Registered Investment Adviser Caleb Lawrence
After a volatile opening the major averages settled down and enter the final hour with modest gains, on little real news. The New York Fed regional index fell 6.9 points in September to 49.7 on weakness in sales and employment. Bucking the trend of other regional and national manufacturing reports that have risen of late.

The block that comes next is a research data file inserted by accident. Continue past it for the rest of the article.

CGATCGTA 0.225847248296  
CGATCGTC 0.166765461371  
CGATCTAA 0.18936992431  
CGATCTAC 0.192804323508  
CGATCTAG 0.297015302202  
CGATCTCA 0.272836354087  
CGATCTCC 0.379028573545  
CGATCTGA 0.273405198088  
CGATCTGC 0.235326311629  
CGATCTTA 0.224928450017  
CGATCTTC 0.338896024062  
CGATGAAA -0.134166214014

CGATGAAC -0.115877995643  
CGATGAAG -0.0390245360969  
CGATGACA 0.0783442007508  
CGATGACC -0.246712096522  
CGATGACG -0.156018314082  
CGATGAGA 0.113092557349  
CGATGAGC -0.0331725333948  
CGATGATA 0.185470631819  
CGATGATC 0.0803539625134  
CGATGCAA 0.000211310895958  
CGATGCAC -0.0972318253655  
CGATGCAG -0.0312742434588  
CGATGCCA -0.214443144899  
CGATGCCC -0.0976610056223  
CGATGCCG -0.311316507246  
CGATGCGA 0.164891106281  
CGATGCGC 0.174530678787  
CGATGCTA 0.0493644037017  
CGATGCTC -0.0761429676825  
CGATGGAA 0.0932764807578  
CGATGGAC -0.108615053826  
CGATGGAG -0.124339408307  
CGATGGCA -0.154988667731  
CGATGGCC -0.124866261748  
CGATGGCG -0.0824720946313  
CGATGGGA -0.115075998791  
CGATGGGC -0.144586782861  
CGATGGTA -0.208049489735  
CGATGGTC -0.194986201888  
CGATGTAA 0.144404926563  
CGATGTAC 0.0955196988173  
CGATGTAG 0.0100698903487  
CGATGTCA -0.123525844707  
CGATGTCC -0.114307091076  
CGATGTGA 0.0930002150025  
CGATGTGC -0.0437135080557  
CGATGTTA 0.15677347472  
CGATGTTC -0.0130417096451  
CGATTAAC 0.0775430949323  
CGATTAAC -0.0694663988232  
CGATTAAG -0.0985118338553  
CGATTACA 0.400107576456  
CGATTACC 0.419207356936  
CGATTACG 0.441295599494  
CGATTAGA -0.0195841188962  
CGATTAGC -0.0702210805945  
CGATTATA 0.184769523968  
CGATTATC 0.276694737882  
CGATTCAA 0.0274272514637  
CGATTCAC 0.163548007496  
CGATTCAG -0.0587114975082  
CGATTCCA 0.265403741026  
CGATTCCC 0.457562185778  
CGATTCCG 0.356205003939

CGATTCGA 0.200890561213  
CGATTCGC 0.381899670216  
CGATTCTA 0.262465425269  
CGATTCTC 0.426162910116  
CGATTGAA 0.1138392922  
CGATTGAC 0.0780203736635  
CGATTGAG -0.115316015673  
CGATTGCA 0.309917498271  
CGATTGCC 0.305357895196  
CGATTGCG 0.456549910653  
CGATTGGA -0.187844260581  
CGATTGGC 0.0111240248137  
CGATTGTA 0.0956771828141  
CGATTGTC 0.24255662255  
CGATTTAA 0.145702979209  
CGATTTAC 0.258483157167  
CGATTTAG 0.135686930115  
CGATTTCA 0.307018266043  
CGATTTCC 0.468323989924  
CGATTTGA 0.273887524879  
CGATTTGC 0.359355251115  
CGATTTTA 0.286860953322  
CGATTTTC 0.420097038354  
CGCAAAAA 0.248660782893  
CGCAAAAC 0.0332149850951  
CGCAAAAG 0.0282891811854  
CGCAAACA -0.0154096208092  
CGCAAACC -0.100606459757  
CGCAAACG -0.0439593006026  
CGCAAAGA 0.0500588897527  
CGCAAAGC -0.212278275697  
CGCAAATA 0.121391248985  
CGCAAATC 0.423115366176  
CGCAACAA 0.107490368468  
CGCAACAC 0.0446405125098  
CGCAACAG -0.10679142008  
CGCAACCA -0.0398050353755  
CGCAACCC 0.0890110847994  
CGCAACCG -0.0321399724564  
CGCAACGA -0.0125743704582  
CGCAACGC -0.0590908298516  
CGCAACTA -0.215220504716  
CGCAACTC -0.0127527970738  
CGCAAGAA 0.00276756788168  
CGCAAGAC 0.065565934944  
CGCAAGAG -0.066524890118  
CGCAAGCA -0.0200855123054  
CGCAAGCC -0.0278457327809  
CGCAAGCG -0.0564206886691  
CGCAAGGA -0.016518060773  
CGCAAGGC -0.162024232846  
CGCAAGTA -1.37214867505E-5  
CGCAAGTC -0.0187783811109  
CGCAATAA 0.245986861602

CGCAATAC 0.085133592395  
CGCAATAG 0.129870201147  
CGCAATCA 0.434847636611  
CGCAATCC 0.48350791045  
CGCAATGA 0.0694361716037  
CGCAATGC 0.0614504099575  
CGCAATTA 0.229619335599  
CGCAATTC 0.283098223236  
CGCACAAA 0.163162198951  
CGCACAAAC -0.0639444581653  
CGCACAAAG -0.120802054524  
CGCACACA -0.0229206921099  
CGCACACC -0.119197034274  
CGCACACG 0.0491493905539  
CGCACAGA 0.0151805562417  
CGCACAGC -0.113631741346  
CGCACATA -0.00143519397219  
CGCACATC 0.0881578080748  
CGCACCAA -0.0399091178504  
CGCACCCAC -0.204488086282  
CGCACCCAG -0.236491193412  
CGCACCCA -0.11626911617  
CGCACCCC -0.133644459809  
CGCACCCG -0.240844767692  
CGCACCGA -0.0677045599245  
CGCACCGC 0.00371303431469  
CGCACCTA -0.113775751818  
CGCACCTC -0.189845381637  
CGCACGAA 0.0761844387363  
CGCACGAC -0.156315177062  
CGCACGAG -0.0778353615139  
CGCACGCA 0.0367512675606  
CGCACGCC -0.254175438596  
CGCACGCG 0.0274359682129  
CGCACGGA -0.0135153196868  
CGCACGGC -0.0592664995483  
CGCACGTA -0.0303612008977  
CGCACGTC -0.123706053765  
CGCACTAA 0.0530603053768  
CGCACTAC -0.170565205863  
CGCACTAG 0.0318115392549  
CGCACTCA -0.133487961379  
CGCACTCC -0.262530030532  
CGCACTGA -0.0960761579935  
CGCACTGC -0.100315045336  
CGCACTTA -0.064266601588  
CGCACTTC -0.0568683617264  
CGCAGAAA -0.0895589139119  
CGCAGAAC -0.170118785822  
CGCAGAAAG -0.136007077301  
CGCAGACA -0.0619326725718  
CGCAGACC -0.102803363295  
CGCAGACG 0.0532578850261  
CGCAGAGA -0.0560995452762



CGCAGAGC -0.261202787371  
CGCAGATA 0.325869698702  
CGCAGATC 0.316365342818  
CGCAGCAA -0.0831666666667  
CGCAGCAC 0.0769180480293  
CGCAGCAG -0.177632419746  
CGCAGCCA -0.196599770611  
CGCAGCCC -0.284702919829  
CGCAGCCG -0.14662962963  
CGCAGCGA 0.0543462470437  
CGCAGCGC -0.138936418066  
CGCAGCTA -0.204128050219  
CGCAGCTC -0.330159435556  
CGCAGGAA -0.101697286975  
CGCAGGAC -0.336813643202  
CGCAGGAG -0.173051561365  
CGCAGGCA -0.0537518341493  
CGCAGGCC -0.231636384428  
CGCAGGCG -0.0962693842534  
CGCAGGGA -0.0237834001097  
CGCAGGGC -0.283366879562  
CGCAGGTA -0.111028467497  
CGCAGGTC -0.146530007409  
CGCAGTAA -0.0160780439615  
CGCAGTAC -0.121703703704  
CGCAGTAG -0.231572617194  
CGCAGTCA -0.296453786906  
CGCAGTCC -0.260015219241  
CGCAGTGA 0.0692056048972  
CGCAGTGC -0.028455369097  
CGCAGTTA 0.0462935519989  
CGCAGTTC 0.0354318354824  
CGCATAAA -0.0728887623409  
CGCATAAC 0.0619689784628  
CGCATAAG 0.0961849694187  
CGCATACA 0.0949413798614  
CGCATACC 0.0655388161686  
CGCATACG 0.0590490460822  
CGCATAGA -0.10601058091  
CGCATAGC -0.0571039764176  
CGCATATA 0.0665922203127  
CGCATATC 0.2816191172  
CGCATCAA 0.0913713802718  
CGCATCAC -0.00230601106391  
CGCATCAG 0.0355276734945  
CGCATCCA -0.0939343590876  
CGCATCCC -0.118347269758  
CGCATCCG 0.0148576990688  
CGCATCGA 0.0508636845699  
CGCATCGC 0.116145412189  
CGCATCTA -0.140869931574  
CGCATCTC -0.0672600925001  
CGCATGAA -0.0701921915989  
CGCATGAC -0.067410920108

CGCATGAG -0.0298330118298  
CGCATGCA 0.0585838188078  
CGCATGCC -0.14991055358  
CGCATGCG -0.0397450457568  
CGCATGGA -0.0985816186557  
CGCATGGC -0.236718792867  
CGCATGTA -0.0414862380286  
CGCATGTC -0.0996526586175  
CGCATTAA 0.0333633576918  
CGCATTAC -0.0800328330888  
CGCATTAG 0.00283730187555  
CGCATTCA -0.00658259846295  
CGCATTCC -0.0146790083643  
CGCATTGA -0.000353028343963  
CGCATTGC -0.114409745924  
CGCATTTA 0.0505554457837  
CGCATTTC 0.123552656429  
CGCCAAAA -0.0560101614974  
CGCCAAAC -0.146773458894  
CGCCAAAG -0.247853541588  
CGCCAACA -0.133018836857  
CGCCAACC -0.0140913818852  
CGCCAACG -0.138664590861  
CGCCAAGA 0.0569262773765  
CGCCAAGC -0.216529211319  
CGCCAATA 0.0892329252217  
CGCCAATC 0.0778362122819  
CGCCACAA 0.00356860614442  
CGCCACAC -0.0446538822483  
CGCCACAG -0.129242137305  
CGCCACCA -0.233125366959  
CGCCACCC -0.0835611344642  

In the post bust period since 2008 the world’s central banks stepped in and amongst other items to stem the global financial collapse engaged in Quantitative Easing or QE. At the time I joked with a friend of mine, “what do they think they are going to do, buy everything?”. It turned out that joke was on me as essentially that is what transpired. While successful in arresting the economic collapse at the time and reflating assets prices of all stripes nearly worldwide, it came at a cost. Huge increases in debt, public and private, the Federal deficit has essentially doubled in the post crisis period and now exceeds 20-Trillion, that’s with a “T”. Most forms of debt have either surpassed their pre- bust highs or are very near to doing so. With the end of 2017 in view we are essentially back where we were in 2007, dangerously overpriced assets nearly everywhere you look, record levels of debt that once again is about to meet not enough income with similar results. It is the distortion of asset prices wrought by QE that are most troubling. A fine example comes from Europe where High Yield or Junk Bonds now pay less than the 10-Year US Treasury Note. 2.3% for junk paper subject to significant defaults and losses particularly if the economy goes south again, and 2.34% for the Treasury Note considered to be one of the safest and most liquid investments available. From a historical perspective the interest rate spread or difference between the two was 9% as recently as 2012. This speaks volumes about the pricing, and by implication risk distortion that QE has created in the financial markets. Another particularly pernicious side effect of this is that investors and savers in the hunt for yield or investment return have subjected their portfolios to ever increasing amounts of risk, exposing them to significant loss if things go south once again, an event that is all but certain.